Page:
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Ed Poll
  Week of March 23, 2010

Rethinking the Process of
Lawyer Education (Part 1)

In late January my company, LawBiz, was privileged to co-host an online seminar with West Legal Edcenter, focusing on the theme of whether recent law school graduates are prepared for real life. Longtime readers of LawBiz® Tips know that my answer to this question is a resounding "no," that law schools do virtually nothing to prepare their graduates for dealing with "The Business of Law®" that ultimately determines the success of their practices. Three recent law school graduates spoke during the webinar, and their comments about their lack of real world preparation could only be described as poignant.
This is particularly significant as big law firms continue to cut back on their law school hiring, leaving many graduates (who typically have six-figure debt from their legal education) to think that their only option is to go into practice for themselves. Yet without basic knowledge about the operation of the firm as a business (budget, collections, profit, loss), their chances of success are dim. There is also the issue of technical competence at the law: in highly personal, difficult issues like bankruptcy or divorce or tax problems, what kind of representation will their clients receive from young lawyers who are getting their on-the-job training this way?
Such concerns illustrate anew that the entire concept of continuing legal education has to change. In many states, the practical skills concerning "The Business of Law®" that lawyers most need to run a practice either are not covered or actively eliminated as legitimate MCLE credits. They also happen to be skills that few, if any, law school faculty offer either. Many lawyers, and not just young ones, feel they have neither an efficient nor an effective way to learn how to build a better practice that better serves clients. But whatever makes a better lawyer benefits both the firm and its clients, whether it falls under a traditional CLE banner or not.
Already there are specialized certifications that state bar associations increasingly offer in certain practice specialties. Specialists and their clients do benefit in some way from the more intensive training, but this really is just an extension of the typical CLE requirements. What if bar associations took the principle farther, by offering to lawyers specialist certifications in such skills as trust fund accounting or client satisfaction surveys? How is this different from the specialized training that many lawyers have received by earning their CPA designation, or an MBA? The questions are important, and they need to be answered creatively if CLE training is to meet the real needs of lawyers in today's marketplace. My next LawBiz Tip will suggest two approaches that support the need for practical education of newly graduated lawyers.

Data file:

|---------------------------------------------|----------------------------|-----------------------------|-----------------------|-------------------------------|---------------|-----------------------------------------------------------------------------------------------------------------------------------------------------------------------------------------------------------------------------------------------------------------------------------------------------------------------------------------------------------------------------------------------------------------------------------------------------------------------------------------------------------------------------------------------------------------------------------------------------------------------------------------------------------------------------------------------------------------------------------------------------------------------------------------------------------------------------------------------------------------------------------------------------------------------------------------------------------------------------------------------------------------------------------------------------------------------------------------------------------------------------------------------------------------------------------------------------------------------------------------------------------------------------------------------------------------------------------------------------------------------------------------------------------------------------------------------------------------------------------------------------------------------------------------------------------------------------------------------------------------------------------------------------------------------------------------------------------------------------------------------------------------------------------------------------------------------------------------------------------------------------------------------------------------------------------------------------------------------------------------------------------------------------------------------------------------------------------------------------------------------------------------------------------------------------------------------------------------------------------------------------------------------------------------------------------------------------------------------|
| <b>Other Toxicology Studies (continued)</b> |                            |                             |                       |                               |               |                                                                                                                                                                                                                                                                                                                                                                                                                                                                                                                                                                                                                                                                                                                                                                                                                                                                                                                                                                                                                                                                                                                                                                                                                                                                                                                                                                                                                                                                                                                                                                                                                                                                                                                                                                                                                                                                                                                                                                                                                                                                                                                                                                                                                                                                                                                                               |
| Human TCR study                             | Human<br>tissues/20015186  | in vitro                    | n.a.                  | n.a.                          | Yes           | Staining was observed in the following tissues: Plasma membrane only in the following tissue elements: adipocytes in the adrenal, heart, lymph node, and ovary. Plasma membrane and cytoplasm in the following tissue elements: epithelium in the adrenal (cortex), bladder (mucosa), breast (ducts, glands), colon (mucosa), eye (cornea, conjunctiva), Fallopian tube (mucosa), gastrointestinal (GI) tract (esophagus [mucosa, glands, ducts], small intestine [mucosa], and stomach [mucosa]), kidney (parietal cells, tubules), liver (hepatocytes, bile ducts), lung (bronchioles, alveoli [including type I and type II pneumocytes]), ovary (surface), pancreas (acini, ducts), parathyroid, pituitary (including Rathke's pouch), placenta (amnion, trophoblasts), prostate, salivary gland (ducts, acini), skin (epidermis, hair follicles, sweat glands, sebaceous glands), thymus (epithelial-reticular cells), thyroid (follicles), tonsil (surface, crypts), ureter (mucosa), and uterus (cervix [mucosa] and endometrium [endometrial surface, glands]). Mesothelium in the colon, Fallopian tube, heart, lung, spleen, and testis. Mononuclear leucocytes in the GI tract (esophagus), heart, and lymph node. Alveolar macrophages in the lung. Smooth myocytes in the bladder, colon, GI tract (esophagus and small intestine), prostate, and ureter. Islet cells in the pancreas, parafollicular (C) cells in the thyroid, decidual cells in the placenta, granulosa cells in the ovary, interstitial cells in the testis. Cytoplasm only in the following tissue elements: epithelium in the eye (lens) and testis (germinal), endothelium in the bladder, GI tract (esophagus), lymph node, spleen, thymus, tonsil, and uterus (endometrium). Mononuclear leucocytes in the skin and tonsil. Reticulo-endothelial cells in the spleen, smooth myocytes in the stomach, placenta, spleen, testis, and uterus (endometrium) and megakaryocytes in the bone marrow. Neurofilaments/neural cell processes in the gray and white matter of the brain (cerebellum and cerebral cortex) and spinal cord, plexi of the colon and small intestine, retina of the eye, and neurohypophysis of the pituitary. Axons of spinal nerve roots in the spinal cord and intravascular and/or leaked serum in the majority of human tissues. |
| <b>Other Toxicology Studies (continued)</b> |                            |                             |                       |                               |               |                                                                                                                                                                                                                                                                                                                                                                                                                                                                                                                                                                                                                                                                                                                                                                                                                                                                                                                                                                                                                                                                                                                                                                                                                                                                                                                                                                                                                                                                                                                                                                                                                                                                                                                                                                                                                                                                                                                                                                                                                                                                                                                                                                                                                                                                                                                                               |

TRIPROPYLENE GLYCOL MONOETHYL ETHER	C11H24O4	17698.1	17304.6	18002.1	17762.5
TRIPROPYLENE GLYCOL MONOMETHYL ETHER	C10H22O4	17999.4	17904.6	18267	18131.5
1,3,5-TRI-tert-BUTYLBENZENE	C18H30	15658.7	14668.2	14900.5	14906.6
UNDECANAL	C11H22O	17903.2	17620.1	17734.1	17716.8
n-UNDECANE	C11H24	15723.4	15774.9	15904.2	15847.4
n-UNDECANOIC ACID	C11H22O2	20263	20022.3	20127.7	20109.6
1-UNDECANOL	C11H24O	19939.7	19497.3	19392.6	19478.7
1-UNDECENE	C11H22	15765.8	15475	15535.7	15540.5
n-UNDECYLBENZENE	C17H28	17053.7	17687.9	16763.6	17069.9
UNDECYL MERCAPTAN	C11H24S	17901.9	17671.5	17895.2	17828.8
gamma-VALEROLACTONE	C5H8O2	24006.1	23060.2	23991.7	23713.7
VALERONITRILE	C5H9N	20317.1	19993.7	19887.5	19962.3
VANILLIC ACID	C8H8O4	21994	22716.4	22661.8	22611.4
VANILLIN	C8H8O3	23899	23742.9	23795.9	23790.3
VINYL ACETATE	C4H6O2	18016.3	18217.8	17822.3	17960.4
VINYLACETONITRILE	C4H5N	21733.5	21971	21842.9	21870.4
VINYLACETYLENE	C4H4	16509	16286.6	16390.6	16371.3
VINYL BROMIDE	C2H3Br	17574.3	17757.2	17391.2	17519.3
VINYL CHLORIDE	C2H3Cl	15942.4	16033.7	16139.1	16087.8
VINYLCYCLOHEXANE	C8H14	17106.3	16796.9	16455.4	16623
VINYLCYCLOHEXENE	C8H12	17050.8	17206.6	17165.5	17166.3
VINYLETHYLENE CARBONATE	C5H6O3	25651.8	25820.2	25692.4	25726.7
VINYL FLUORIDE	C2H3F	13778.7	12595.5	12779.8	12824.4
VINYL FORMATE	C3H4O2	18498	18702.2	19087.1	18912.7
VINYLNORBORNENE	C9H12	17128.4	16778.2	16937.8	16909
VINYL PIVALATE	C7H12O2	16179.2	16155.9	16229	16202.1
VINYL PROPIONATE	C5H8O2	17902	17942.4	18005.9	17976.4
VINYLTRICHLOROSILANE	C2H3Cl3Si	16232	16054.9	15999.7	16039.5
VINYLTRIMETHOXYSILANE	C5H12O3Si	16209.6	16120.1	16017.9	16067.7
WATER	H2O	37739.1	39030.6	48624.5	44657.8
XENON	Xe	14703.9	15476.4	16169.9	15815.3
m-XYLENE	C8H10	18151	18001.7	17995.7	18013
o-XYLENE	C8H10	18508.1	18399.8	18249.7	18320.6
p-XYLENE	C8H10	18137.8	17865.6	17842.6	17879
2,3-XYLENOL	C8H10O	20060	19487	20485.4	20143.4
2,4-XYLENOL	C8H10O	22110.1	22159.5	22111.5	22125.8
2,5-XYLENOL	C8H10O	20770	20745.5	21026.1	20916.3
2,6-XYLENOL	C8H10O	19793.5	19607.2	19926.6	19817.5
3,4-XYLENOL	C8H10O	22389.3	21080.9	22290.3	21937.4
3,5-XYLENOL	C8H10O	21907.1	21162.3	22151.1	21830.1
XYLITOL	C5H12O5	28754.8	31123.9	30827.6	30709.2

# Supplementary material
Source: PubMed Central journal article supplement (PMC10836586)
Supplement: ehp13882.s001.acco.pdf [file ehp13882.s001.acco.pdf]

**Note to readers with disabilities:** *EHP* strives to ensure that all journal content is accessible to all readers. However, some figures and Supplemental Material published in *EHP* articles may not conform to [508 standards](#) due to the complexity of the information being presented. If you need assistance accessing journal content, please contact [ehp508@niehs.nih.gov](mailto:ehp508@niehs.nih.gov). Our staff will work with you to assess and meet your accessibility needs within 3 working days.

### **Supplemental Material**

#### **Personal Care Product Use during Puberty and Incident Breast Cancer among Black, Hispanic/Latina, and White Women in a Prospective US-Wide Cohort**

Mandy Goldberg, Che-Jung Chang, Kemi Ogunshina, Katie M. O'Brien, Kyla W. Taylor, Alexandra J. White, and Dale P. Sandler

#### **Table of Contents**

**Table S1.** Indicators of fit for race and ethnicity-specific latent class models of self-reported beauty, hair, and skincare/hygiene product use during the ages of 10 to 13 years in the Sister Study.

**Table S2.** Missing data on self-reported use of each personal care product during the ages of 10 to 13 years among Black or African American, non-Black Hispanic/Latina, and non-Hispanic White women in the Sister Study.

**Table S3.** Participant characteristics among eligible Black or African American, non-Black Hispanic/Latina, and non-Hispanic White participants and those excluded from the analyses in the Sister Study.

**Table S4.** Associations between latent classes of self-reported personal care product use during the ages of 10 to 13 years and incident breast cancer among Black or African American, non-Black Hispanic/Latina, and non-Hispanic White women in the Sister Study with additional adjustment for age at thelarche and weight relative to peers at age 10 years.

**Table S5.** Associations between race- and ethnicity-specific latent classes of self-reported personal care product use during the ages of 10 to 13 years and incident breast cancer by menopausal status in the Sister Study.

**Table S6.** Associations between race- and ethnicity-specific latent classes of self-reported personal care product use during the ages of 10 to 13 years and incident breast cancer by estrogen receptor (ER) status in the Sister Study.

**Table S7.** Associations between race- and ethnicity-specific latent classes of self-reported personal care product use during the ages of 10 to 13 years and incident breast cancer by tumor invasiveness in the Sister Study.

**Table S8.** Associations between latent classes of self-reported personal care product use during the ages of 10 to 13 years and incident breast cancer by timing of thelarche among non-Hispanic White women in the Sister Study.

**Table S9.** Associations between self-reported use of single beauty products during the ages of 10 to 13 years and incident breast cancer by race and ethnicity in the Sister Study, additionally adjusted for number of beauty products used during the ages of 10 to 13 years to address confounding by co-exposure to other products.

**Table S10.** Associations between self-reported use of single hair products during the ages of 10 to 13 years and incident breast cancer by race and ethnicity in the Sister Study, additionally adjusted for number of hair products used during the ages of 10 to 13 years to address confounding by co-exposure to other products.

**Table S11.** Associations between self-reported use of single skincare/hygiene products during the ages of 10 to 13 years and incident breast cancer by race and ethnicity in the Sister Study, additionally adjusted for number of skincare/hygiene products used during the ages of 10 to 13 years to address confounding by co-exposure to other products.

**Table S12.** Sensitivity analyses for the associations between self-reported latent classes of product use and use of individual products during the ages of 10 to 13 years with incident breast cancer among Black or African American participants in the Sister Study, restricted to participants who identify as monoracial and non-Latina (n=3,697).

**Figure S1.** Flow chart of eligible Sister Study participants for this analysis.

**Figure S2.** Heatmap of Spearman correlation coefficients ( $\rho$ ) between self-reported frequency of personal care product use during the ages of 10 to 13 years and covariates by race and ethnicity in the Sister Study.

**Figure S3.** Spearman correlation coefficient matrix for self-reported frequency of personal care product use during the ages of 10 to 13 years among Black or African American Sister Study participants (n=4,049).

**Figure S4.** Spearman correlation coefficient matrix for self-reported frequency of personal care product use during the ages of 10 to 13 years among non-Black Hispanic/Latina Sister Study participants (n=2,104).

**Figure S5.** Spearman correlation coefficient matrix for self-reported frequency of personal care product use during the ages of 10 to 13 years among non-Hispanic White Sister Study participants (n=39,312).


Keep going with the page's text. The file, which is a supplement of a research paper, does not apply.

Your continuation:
Ed Poll

Following the worst economic crisis since the Great Depression, and facing a sea change in clients' demands and expectations, law firms must respond and adapt quickly and effectively. Law firms must choose the kind of law practice they will be; the marketing and business development tactics they will use; the overhead that is critical to their functioning; how to price, bill and collect for services; and how to manage the cash flow cycle.
Success lies in identifying and capturing the right kinds of clients, providing the services those clients need in ways that add value, and ensuring prompt payment and the ability to grow profits. This book, based on the experiences of Ed and his clients over 20 years of coaching and consulting, provides the keys to successfully thriving in the new era.
Available for Pre-Sale
Ships in March 2010
Pre-Sale Price: $99
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LawBiz Forum
Ed Poll
Ed Poll

Personal Commentary
I am very excited! I just received my new book, Growing Your Law Practice in Tough Times! And I am very proud of this work. Our pre-release pricing discount will remain in effect until the end of this month. Please do take advantage of it, and send me your thoughts and comments. I'm eager to learn more about the challenges you face in your day-to-day practice and begin a series of teleseminars to directly address your specific issues. Thanks for reading our weekly tips. I look forward to hearing from you.
Check out this week for a new Photo Caption Contest featuring Bandit! The contest comes in time for Legal Assistant's Day, which is this Friday. The winner of the contest will receive a FREE copy of my brand new book: Growing Your Law Practice in Tough Times. So get creative—we're looking forward to your captions!
Ed Poll
Best wishes,
Ed Poll
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Ed Poll
Ed Poll

What Readers Are Saying...
"No matter how you slice it, there is no substitute for wisdom and experience. Ed Poll has demonstrated both in this eyeopening book about the essential elements of running a profitable law practice. He provides practical wisdom along with simple ways to adopt and incorporate best practices for each. After explaining the pros and cons of every decision, he makes recommendations and provides useful guides disguised as key principles. Buy the book so you too can access Ed's wisdom and experience. It's worth much more than the investment."


Ed Poll
Ed Poll

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